Perry Timms writes on social HR and asks the questions we should all we asking about the workplace. He has over 20 years experience in business change including project management, organisational development, talent strategy and L&D. He is well-known on the blogger and event circuit and is regularly asked to chair conferences, roundtables and webinars, both in the UK and around Europe. Perry is a CIPD adviser on social media and engagement.
I recently spoke at a conference set up by the Change Management Institute called #CMIDisrupt. It was aimed at providing a lens of disruption to change, the world of work and leadership through change.
Whilst it might have grated some by the use of the word “disruption” it was a great way to look at what is REALLY going on with change.
I talked about the socialisation of change and called out Hackathons as a social “sport” changing the way change is conceived, devised and delivered. For those of you who’ve never been involved in a Hackathon and aren’t sure of what they are, in essence they are:
- themed events either online, offline or a combination of both;
- they normally have a big sticky problem to solve or a new thing to create;
- they are inclusive, levelling (grades don’t matter) and people-centred;
- they are energetic, push known boundaries and encourage wildly creative thinking; and
- they are influenced by technology problem-solving but increasingly are not just problems of a technological nature.
They are though, ultimately, conversation jams; festivals of dialogue / exchange and concertos of alternative thinking.
And a recent attendance at a marvellous conference in Brighton called Meaning struck me in so many ways that change is best when it’s people-centred.
There was also one quote utterly bowled me over: “a conversation is the smallest unit of change.”
I still think this is such an elegant way to label something we easily dismiss as “just chat”. Something we don’t think will “take us anywhere” and something we believe will vaporise as it’s “only us talking about this”.
And true, we need actions to back up these conversations but what if, just if, your conversation with someone really DOES change their view on their world, the things that matter to them and the way they live their life?
And then they do the same with someone else and so it goes on.
The phenomena that is TED talks is largely an 18 minute speech that helps us think differently and be inspired. “Ideas worth spreading” is the tagline and so what if we could construct “conversations worth having”?
Brene Brown’s inspirational “The Power of Vulnerability” is one such TED talk that could inspire a million conversations. About people’s own vulnerability and their own way to be wholehearted in the way they live and behave.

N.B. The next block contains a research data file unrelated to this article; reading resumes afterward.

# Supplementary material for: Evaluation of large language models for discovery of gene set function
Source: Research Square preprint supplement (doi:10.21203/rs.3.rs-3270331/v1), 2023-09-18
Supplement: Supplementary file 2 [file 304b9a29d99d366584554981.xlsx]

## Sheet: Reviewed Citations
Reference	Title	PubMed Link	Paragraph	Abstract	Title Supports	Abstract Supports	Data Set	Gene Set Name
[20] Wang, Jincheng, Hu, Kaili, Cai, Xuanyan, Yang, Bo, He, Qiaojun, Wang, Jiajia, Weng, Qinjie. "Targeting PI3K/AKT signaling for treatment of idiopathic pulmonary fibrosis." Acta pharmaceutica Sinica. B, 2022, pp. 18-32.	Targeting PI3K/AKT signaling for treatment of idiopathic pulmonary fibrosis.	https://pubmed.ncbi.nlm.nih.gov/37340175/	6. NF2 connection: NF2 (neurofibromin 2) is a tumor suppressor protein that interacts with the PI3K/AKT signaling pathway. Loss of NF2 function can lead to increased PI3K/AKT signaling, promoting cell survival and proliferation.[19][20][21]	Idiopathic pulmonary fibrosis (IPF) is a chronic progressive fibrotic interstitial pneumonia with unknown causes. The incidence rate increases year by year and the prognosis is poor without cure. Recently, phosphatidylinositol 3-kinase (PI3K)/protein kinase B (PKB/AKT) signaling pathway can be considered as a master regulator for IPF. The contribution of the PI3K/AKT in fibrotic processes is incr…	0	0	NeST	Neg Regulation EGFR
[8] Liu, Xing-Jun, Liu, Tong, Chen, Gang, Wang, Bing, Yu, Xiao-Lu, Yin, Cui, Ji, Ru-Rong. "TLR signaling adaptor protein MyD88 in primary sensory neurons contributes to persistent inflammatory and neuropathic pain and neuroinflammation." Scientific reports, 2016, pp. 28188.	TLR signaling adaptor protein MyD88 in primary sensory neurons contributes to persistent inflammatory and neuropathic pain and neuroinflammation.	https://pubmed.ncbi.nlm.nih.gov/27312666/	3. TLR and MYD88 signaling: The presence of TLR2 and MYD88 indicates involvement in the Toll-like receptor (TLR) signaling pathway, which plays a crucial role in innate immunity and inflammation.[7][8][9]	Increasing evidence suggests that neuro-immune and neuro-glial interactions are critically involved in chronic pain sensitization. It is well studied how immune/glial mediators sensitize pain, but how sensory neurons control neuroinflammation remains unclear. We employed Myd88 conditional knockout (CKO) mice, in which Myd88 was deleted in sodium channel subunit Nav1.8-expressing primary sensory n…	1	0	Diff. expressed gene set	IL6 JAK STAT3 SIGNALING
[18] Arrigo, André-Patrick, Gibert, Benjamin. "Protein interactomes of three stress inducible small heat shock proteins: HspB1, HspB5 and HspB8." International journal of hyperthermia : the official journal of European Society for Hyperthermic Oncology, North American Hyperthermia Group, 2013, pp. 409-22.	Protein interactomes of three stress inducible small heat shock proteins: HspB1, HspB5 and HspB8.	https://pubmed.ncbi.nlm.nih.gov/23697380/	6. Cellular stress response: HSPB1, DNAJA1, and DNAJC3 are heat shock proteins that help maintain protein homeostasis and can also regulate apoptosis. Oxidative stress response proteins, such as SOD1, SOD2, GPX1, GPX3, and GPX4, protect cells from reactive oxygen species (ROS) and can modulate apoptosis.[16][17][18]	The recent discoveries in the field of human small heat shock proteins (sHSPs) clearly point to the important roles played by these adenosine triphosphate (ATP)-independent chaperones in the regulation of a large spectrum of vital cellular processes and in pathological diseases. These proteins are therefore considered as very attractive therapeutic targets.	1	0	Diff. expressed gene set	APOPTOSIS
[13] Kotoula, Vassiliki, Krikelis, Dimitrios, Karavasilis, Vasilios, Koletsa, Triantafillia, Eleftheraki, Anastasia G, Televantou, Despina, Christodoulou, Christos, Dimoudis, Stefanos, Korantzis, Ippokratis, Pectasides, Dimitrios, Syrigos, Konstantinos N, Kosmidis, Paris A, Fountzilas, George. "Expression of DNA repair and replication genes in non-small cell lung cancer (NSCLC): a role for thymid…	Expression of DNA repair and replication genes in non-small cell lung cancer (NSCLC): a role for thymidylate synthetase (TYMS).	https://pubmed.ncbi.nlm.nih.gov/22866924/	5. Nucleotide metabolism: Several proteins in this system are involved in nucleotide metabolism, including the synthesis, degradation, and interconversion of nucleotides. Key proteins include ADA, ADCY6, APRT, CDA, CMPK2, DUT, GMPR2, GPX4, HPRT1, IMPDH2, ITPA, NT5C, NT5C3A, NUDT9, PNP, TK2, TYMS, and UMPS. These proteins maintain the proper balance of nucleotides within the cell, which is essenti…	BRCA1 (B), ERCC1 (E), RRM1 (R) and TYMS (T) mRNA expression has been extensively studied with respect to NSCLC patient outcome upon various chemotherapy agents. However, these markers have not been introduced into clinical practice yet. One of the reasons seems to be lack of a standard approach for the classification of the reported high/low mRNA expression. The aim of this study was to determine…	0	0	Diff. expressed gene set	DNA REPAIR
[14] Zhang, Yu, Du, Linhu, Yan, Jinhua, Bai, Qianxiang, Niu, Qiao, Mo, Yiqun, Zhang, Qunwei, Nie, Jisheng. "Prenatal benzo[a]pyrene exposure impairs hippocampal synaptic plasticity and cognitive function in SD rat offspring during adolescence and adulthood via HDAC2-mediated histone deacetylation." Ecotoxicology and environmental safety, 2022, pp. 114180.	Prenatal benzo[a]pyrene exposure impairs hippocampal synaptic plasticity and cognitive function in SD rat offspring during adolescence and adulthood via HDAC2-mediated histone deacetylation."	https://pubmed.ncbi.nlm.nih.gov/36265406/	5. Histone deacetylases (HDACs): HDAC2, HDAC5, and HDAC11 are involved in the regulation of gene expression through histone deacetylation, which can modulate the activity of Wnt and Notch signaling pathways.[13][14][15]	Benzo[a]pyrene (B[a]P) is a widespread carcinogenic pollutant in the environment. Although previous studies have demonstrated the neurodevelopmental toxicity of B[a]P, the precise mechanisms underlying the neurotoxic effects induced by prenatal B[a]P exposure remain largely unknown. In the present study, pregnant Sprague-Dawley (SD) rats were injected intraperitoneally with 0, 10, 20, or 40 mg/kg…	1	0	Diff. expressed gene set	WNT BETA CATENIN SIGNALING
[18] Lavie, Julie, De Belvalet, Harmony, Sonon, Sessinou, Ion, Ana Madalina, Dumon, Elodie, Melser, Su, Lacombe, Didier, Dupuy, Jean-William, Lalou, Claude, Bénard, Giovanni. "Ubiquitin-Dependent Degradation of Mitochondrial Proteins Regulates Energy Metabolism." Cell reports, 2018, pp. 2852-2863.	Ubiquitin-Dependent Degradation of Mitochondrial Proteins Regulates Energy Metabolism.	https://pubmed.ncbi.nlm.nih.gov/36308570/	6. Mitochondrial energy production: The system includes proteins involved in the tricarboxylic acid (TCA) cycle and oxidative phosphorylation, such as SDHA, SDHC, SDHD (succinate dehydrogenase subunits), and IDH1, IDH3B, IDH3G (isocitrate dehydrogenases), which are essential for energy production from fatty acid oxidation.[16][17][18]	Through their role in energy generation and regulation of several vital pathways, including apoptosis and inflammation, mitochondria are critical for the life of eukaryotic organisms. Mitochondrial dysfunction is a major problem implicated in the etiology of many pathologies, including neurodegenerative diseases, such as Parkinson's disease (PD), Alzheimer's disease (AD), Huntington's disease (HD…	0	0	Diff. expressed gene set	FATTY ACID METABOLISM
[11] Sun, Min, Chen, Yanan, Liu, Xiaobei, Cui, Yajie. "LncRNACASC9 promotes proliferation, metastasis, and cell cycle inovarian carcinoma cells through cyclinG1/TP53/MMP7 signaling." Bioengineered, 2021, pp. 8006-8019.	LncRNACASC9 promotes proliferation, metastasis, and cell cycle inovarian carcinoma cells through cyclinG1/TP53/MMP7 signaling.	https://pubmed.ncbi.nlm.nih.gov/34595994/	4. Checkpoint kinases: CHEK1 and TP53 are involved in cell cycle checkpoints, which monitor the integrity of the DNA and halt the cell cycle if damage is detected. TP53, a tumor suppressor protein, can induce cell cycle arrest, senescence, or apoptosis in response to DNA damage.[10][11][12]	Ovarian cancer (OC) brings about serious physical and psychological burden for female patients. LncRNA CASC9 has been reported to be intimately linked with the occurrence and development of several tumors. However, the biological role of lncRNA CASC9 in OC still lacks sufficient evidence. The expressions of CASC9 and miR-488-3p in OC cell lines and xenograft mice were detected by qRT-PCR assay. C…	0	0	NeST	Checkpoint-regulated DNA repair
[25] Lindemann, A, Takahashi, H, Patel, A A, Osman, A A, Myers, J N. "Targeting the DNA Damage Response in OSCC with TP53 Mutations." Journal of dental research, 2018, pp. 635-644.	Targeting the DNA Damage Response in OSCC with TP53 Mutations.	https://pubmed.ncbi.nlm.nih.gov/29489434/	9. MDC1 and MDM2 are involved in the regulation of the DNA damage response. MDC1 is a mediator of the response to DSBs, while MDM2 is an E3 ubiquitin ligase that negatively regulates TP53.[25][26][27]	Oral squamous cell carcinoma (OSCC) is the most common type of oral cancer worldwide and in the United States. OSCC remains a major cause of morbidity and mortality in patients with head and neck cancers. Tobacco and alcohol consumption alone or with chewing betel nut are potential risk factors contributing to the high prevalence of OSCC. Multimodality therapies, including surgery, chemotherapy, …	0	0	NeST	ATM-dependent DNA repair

And every one of those million conversations could change those people for the better. They won’t unknow what they now know. They may never let go of something so dear to them that they have changed. And what they do and how they behave will change for a long long time to come.
So it is with social media/networking.
Sharing great insight; jumping on an inspiring and challenging Twitter chat; being part of an awesome online hackathon; being party to a dynamic Google Hangout. Conversations with people that happen to be online. Indelible impacts on each other through the simple act of conversing with each other. The power in a blog post that ignites a power to act.
So social media posting isn’t just boring exchanges of the same moans on stacked ranking in performance management; or the latest coaching tool that’s revealing what lies behind esteem issues in leaders.
It isn’t just woeful tales of how difficult it is for HR in the public sector to get traction on new ways of working.
If it is to you, I’d assert you’re not doing it right. Or at least not looking in the right places.
Like the boring conversation at a networking event with an overly sales-oriented type where you can’t seem to escape the hum of product functionality and purchasing plans.
You can dial out of those conversations and into those that matter.
Where the eager new practitioner pours out their heart of what THEY want to do with their new found professional tribe. Where the wise old hand talks about their experiences and shares their insight into the way we become unstuck from this quagmire of same-old, same-old in leading people through change.
Social media and the networked conversations we have ARE the smallest unit of change.
By all means have fun with them – wow, we all need a laugh. Yet there’s conversations that matter. Conversations that forge connection in our very being – be they shared wisdom or just words of support.
Just because it SEEMS like all we’re doing is talking doesn’t mean that’s not inspiring people to action. It may mean YOU’RE not inspired, so go find a conversation where you are inspired or challenged and don’t inflict your disdain, pompousness and negativity on everyone.
That’s a conversation killer, not a clever way to move the dial.
Change can become a socialised and conversational sport. If we’re social enough to engage and be part of it.
One conversation at a time.